Business is booming again in the aerospace industry. In 2006, Boeing booked orders for 1,044 new planes and Airbus nearly 800. With production slots for most of Boeing's models already largely filled for the next three years and a healthy backlog for several Airbus models, aerospace factories world-wide can expect higher production rates until at least 2010.
This is good news for an industry that has suffered in the last few years. And while the aerospace industry may be allowing itself to breathe a small sigh of relief for the moment, the lean years have taught the industry some valuable lessons. Suppliers have had to learn to adopt efficient manufacturing methods, for example, enabling them to become more productive. Every cloud has its silver lining, and such practices will help manufacturers to capitalize on the upswing in orders for commercial airliners that we are seeing today.
But the pressure hasn't lifted completely. With the continuing demand to cut the cost and carbon emissions of air travel, aircraft manufacturing companies are increasingly compelled to reduce development costs and improve the operating efficiency of their aircraft. To this end, the outsourcing of engineering services is playing an ever more important role, enabling manufacturers to maintain margins and lower costs without compromising quality. This article will chart the progress of outsourcing in the aviation industry to date, and investigate how the relationship between outsourcers and the major players in the industry is set to develop in the future.
First Steps Offshore
Outsourcing in the aviation industry has come a long way from the low-end projects undertaken in the early 1990s, which involved the basic use of computer-aided design (CAD)/computer-aided manufacturing (CAM) for the creation of drawings and modelling from 2D to 3D. By the turn of the millennium, the industry, taking a lead from the automotive sector, started to wake up to the fact that outsourcing projects in general, and outsourcing them to places like India in particular, held many advantages. Not only was there a large pool of highly-trained engineers to hand in India, but the time-zone and cost advantages were also highly attractive. In an industry that operates at low margins, any such advantage over competitors was a boon.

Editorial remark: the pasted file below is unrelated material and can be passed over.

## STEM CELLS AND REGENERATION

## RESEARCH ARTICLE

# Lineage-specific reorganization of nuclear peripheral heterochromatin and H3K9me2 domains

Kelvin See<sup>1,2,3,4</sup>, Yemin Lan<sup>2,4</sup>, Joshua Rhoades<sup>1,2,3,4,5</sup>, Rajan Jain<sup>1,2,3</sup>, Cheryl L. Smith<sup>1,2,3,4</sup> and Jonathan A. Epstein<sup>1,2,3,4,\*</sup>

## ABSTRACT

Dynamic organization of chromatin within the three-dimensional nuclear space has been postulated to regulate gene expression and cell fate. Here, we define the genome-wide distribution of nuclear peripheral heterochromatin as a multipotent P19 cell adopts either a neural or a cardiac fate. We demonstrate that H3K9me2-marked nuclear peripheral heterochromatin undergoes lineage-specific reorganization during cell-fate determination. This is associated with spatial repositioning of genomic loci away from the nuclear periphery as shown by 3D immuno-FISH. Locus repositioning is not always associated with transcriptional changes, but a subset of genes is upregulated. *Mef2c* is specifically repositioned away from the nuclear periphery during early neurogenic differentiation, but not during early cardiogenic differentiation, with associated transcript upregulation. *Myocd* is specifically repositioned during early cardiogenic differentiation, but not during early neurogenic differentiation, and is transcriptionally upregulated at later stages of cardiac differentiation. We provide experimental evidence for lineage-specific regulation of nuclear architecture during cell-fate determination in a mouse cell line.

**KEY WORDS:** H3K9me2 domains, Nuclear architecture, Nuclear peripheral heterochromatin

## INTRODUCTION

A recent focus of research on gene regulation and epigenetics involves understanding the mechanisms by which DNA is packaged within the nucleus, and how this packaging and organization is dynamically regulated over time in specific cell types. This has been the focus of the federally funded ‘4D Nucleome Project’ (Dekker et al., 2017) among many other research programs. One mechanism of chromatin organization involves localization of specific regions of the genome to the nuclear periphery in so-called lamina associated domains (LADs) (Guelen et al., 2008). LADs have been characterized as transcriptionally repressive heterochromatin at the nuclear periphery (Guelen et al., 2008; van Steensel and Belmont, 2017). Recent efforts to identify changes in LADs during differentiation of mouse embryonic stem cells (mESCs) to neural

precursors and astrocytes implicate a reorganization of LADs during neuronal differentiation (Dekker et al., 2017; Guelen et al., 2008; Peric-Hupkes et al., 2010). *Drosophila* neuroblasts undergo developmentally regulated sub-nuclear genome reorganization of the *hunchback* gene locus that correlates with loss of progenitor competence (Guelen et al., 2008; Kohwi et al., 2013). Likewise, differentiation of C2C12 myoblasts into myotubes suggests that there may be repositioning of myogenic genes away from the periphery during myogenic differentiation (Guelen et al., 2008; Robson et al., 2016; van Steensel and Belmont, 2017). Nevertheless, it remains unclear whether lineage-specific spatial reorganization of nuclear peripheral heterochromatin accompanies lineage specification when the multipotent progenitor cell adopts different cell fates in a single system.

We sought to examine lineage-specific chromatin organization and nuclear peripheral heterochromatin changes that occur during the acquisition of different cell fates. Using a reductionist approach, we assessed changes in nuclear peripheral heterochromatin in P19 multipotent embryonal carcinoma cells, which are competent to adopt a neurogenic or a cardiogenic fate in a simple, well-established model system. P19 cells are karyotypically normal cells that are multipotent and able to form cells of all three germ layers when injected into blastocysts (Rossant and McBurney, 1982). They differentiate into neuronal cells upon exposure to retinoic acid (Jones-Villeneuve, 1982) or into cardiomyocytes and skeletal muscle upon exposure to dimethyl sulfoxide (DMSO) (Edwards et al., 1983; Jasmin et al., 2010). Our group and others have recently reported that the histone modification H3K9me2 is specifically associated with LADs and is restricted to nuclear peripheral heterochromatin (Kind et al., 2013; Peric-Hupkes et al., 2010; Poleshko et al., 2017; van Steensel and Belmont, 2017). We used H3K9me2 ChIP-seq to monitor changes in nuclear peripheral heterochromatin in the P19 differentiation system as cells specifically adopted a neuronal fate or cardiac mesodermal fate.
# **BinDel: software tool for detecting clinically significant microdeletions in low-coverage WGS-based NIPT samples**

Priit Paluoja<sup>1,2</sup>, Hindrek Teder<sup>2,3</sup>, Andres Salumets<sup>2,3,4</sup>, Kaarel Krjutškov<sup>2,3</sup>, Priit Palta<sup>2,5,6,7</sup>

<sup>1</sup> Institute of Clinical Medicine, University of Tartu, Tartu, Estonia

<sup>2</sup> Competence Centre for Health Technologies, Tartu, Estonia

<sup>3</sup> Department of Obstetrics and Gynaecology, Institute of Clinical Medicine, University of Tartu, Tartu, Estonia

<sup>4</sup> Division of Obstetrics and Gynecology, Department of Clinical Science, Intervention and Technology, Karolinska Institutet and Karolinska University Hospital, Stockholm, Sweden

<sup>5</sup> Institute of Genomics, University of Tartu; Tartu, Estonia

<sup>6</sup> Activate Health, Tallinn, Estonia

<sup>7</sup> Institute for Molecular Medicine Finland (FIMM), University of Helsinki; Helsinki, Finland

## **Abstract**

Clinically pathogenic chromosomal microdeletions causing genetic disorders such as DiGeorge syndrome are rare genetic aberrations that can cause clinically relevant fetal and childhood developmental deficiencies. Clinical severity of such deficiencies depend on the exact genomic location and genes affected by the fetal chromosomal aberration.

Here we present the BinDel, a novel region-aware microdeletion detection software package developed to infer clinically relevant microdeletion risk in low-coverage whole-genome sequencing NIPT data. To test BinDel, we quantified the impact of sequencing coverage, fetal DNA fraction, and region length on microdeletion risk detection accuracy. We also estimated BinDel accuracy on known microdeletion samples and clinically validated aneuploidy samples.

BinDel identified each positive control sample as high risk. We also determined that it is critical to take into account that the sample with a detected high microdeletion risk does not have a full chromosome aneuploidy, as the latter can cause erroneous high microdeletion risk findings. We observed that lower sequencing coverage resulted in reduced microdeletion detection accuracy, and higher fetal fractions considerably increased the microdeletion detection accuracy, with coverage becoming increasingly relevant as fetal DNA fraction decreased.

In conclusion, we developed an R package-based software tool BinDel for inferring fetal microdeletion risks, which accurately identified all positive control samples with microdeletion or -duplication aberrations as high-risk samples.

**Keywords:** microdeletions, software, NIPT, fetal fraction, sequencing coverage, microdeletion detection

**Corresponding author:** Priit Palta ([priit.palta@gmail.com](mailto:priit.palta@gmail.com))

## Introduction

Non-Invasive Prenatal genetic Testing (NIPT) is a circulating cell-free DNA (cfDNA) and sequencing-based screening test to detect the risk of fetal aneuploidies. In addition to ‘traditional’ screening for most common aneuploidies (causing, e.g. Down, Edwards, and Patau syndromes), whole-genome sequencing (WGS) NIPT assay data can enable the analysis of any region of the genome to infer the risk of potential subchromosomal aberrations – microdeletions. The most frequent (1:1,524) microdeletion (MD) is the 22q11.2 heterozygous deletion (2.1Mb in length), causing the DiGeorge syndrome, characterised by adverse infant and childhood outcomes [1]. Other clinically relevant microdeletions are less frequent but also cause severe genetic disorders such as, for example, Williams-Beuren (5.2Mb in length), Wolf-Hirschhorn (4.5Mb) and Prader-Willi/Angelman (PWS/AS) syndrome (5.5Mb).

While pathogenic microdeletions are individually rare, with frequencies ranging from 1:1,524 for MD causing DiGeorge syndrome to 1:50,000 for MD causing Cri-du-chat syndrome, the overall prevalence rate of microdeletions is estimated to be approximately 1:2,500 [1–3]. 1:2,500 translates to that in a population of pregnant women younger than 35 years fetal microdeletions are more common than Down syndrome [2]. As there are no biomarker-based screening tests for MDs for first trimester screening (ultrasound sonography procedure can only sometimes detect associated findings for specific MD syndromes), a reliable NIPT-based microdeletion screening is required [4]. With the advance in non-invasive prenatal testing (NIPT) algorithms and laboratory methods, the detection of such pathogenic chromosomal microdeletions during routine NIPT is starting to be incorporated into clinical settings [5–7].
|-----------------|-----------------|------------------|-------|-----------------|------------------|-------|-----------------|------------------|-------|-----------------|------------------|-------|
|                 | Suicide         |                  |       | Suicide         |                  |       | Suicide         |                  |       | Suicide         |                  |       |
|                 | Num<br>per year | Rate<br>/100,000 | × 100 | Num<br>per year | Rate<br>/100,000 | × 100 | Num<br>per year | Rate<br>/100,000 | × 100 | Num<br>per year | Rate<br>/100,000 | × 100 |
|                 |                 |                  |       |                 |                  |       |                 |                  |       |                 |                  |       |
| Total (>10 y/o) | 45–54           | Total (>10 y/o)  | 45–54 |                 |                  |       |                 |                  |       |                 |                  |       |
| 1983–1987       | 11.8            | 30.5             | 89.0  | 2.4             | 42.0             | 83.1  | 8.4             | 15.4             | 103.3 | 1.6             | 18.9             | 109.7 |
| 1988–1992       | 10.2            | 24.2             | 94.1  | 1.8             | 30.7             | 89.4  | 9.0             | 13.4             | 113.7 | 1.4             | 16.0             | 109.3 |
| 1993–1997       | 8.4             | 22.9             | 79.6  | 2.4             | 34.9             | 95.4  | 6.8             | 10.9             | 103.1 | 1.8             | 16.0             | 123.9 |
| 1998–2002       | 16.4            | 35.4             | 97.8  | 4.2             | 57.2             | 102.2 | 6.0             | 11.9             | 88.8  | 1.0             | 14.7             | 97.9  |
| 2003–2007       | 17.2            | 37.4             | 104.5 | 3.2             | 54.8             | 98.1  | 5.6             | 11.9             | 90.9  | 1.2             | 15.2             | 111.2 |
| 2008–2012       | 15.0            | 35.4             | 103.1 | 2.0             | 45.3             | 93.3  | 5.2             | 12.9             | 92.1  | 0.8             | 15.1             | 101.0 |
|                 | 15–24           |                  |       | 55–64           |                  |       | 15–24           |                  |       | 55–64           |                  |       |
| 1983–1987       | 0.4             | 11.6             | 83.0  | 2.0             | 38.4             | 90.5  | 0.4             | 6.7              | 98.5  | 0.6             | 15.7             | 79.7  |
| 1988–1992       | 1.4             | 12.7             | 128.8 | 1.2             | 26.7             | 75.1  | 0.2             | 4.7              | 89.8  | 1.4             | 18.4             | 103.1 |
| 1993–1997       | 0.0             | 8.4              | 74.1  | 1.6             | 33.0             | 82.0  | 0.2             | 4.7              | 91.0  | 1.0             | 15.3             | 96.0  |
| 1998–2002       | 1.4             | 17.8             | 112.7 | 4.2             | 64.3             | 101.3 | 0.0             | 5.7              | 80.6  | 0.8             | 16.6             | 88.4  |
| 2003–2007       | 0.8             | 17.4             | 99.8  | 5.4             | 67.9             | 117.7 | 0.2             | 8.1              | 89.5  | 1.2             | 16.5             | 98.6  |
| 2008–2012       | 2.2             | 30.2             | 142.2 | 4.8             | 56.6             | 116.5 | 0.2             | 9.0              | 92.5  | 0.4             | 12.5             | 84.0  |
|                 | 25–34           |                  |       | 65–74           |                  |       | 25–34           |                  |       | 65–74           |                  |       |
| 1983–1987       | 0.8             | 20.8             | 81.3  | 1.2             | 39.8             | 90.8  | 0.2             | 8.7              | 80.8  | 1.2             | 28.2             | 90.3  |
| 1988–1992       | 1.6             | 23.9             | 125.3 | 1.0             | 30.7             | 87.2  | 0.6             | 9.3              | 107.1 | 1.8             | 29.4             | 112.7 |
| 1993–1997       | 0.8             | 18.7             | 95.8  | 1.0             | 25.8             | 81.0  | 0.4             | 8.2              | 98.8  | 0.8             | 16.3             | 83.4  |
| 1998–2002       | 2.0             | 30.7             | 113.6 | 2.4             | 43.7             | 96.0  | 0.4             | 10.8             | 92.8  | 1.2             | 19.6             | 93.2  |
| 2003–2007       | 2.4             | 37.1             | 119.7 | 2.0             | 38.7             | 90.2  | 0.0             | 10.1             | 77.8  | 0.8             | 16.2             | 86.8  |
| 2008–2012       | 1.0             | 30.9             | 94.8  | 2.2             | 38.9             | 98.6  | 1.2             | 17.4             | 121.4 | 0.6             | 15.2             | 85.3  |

The increased maturity level of the IT services outsourcing industry also played a large role in bringing engineering outsourcers up the value chain, demonstrating the capability of various consulting firms that moved into the aerospace space to work alongside customers on ever-more complex core projects. As a result, aerospace original equipment manufacturers (OEMs) and tier-one suppliers are these days entrusting increasingly high-end and complicated projects into the hands of outsourcers. Correspondingly, the large IT services players have extended their offerings and core skills to enable them to bring high quality, high value and intelligent engineering services to market.
Aviation Outsourcing Today
The majority of OEMs and tier-one suppliers now outsource their work to some degree or another. IT in transport, aviation included, involves some of the most cutting-edge technologies, an increasing proportion of which are designed, tested or implemented by third parties. The development and introduction of radio frequency identification (RFID), for instance, could not have taken place without outsourcing part of the research and development (R&D) to third parties. Tata Consultancy Services' (TCS) aerospace engineers, for example, worked in partnership with Oracle in 2005 to pilot RFID with the Engineering arm of UK’s second largest long haul airliner. The trial used RFID to tag critical parts used in aircraft maintenance and repairs at Virgin's Heathrow Airport warehouse in the UK. This enabled the airliner to reduce costs and increase efficiency through improved visibility and accountability, and to gain better automated control of its engineering parts supply chain. The success of such trials have ensured that RFID technology is making waves in the aerospace industry: 14 percent of airports have already adopted RFID technology for employee tracking, with 9 percent using RFID tags for baggage tracking. And when Airbus introduced RFID for tagging tools loaned out to customers to maintain its aircraft, it saved EUR 100,000 in a single year.